Prenatal treatment

Introduction: the possibility to treat children in utero

Advances in the fields of paediatric cardiology and surgery mean the treatment of congenital heart defects has improved and grown remarkably in recent years. While newborns can receive important and often life-saving medication or surgery immediately after birth, some clinicians dare to go even further by attempting to treat babies affected by congenital heart disease while they are still in the uterus, that is, before they are even born.

The emergence of prenatal cardiac treatment might be a reason to hope for some of those cases with a relatively bad prognosis.

Impairments in the heart’s development

Some severe congenital cardiac malformations begin as relatively simple primary lesions. During pregnancy, while the foetus is growing and developing, these can cause complex secondary damage to sections of the heart, vessels or lungs, which can affect the postnatal prognosis and treatment options. So, for example, a severely narrowed or blocked valve can cause pathological changes to the blood flow and blood pressure conditions. As the heart is still developing, such impairments can delay its normal growth in the uterus and result in an underdeveloped ventricle and, at worst, heart failure. As the haemodynamics in the heart and the vessels of the foetus differ from those outside the uterus, severe problems frequently do not occur until birth. However, often by then the only remaining option is a univentricular palliative operation, as one of the two ventricles is already lost and a biventricular circulation cannot be preserved.

In the past 10 or so years, there has been a growing number of attempts to prevent such an unfavourable outcome through foetal cardiac surgery and intervention. In this context, very small endoscopes, cannula systems and refined imaging techniques have been developed. Thus, foetal diseases have become more and more accessible for treatment.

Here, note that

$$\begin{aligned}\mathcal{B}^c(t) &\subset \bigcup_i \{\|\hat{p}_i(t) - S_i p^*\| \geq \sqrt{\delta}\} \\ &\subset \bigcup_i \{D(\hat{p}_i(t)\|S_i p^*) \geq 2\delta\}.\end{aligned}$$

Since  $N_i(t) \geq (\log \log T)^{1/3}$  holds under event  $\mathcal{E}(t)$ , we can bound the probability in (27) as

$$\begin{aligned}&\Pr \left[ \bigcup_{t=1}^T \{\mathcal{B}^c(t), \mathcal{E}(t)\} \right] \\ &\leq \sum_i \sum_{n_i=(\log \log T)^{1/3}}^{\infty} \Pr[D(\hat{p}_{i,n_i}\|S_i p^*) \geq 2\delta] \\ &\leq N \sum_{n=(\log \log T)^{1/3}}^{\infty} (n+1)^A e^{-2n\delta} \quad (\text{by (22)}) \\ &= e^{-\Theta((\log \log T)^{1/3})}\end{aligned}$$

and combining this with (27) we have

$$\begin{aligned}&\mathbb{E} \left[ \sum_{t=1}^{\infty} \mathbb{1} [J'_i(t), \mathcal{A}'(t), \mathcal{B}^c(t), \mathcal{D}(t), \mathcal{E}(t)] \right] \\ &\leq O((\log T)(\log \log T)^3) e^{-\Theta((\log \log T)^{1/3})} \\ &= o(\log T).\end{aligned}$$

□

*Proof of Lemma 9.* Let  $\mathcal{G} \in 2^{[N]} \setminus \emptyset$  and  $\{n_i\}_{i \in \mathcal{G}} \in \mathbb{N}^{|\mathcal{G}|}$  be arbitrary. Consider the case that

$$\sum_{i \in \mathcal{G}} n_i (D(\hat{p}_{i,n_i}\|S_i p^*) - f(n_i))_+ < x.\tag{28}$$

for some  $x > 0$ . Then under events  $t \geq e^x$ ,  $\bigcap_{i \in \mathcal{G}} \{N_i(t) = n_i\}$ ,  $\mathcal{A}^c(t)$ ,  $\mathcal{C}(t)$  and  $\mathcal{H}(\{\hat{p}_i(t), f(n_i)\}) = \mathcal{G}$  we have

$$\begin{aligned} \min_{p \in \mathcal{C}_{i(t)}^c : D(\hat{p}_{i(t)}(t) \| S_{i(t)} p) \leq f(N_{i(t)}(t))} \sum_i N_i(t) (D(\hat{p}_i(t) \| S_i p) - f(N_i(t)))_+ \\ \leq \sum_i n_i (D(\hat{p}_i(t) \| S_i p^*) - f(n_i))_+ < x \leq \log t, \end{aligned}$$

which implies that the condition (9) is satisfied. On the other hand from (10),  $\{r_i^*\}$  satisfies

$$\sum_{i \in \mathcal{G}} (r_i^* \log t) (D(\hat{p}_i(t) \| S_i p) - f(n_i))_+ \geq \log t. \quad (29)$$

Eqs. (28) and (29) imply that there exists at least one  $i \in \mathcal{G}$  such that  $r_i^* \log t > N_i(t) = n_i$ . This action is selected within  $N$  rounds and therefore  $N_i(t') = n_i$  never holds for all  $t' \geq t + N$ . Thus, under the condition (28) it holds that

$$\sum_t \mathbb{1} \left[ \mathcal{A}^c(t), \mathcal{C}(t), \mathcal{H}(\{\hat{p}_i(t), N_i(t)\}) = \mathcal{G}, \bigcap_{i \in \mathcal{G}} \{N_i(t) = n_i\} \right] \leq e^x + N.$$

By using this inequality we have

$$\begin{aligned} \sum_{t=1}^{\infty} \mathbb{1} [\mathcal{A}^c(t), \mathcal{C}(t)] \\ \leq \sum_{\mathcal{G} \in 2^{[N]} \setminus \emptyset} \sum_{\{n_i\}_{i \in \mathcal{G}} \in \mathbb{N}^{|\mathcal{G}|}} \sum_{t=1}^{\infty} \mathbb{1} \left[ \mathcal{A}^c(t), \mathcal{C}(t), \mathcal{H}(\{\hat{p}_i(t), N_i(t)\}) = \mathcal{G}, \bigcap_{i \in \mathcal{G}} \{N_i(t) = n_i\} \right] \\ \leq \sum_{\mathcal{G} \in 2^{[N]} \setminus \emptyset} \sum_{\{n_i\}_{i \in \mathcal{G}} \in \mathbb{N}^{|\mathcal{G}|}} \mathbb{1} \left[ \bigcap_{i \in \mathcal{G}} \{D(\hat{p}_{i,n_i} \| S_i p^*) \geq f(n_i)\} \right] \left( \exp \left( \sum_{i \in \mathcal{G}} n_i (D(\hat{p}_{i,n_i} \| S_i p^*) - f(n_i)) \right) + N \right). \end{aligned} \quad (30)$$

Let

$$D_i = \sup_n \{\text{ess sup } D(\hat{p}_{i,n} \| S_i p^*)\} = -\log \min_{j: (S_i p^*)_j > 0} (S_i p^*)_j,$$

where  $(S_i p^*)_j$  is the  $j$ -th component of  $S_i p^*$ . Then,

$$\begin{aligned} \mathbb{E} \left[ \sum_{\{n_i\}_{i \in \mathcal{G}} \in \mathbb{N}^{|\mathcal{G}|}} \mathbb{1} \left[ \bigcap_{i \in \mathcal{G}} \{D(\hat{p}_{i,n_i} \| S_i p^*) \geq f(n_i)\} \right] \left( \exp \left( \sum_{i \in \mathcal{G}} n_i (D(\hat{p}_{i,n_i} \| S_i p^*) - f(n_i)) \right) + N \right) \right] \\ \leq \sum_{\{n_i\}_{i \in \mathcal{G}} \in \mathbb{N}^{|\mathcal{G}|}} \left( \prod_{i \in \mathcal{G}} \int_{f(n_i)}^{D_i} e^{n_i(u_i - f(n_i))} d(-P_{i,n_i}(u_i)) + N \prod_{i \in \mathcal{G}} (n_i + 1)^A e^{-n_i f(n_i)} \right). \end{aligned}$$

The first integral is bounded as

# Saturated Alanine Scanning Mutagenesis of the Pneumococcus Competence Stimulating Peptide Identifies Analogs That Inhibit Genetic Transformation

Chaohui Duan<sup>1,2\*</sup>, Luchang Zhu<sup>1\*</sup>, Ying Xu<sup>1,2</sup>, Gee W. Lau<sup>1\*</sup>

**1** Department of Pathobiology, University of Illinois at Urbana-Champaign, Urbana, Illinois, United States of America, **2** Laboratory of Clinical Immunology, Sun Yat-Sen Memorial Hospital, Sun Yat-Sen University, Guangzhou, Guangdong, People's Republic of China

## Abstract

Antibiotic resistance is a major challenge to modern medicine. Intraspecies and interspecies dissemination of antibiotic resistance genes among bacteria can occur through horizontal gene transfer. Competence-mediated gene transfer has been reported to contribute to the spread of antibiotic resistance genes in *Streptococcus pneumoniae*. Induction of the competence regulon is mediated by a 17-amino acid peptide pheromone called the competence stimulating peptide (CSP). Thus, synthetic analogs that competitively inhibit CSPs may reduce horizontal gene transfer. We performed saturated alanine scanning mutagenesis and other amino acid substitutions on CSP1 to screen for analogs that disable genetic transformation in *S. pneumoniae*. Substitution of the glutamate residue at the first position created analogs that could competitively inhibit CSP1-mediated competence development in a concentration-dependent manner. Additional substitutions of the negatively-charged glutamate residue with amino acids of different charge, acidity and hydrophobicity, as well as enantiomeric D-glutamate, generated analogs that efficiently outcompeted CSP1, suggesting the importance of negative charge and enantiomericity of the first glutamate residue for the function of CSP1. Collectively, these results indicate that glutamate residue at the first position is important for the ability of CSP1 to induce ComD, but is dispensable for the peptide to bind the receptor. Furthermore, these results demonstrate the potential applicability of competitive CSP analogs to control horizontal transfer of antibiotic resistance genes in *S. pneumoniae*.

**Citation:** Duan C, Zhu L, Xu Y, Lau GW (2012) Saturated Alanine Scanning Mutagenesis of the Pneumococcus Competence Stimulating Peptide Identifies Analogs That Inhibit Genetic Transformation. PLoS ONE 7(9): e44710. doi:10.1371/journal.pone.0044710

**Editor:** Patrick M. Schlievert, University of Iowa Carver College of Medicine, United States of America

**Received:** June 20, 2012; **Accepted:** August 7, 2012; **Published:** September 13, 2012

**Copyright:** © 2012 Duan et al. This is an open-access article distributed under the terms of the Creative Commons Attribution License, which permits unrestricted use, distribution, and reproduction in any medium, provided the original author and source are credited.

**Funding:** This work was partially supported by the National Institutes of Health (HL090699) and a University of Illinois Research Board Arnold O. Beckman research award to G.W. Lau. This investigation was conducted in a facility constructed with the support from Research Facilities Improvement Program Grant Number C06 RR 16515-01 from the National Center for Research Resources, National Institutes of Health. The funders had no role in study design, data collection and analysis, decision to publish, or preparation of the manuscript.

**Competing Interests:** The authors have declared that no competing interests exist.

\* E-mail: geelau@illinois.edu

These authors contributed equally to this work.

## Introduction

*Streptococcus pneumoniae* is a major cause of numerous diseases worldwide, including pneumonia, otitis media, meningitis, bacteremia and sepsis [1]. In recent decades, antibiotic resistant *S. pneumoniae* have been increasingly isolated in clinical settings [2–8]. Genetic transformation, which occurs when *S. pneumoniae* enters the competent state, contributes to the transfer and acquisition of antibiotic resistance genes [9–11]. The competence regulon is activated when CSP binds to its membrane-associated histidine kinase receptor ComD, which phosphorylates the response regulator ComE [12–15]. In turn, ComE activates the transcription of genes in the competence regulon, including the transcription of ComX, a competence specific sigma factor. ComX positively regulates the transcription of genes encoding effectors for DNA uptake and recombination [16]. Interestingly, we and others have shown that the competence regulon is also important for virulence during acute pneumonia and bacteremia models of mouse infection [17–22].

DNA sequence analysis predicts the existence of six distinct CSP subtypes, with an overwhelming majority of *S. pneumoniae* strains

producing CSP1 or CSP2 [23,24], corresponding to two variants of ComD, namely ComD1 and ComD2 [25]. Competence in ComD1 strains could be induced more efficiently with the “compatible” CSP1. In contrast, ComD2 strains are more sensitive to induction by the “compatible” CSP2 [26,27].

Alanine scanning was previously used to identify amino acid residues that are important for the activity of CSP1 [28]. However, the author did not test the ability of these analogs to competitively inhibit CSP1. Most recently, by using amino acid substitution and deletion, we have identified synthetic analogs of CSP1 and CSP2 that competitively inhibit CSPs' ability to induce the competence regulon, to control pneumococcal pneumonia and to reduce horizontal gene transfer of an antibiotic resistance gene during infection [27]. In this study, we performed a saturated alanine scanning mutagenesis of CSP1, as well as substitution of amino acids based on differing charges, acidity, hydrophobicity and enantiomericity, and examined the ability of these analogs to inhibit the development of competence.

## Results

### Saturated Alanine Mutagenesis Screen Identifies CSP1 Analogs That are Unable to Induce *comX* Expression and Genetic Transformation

Aims of intrauterine treatment

The idea of foetal cardiac treatment is to correct the initial defect as soon as possible to minimise the resulting secondary damage and promote normal growth of the cardiovascular structures. One benefit to this approach is that the foetus can develop new heart muscle cells; thus, underdeveloped heart chambers can re-grow. The main aim of this kind of treatment is to avoid the single ventricle situation and to preserve a biventricular circulation after birth, as there is evidence that children with a univentricular circulation have considerable problems in the long term. Foetal cardiac treatment therefore increases the chances of successful postnatal surgery and outcome significantly.

The first successful attempt of a prenatal cardiac intervention was achieved in London in 1991, when Darryl Maxwell dilated an aortic valve.

Besides the described structural malformations there are rare cases with isolated congenital arrhythmias that do not respond to pharmacological therapy. These can lead to serious problems, to the point of heart failure. Therefore the implantation of a pacemaker is almost always necessary immediately after birth. There have been attempts to also treat these rhythm disorders in the uterus to delay the time of delivery until the foetus has developed sufficiently.

However, the experience is so far limited to a few reported cases, none of which have been successful. Accordingly, foetal pacing is still a controversial issue among experts.

Since, for now, this kind of treatment must be considered as purely experimental, it will not be discussed further in this article.

Who is it relevant for?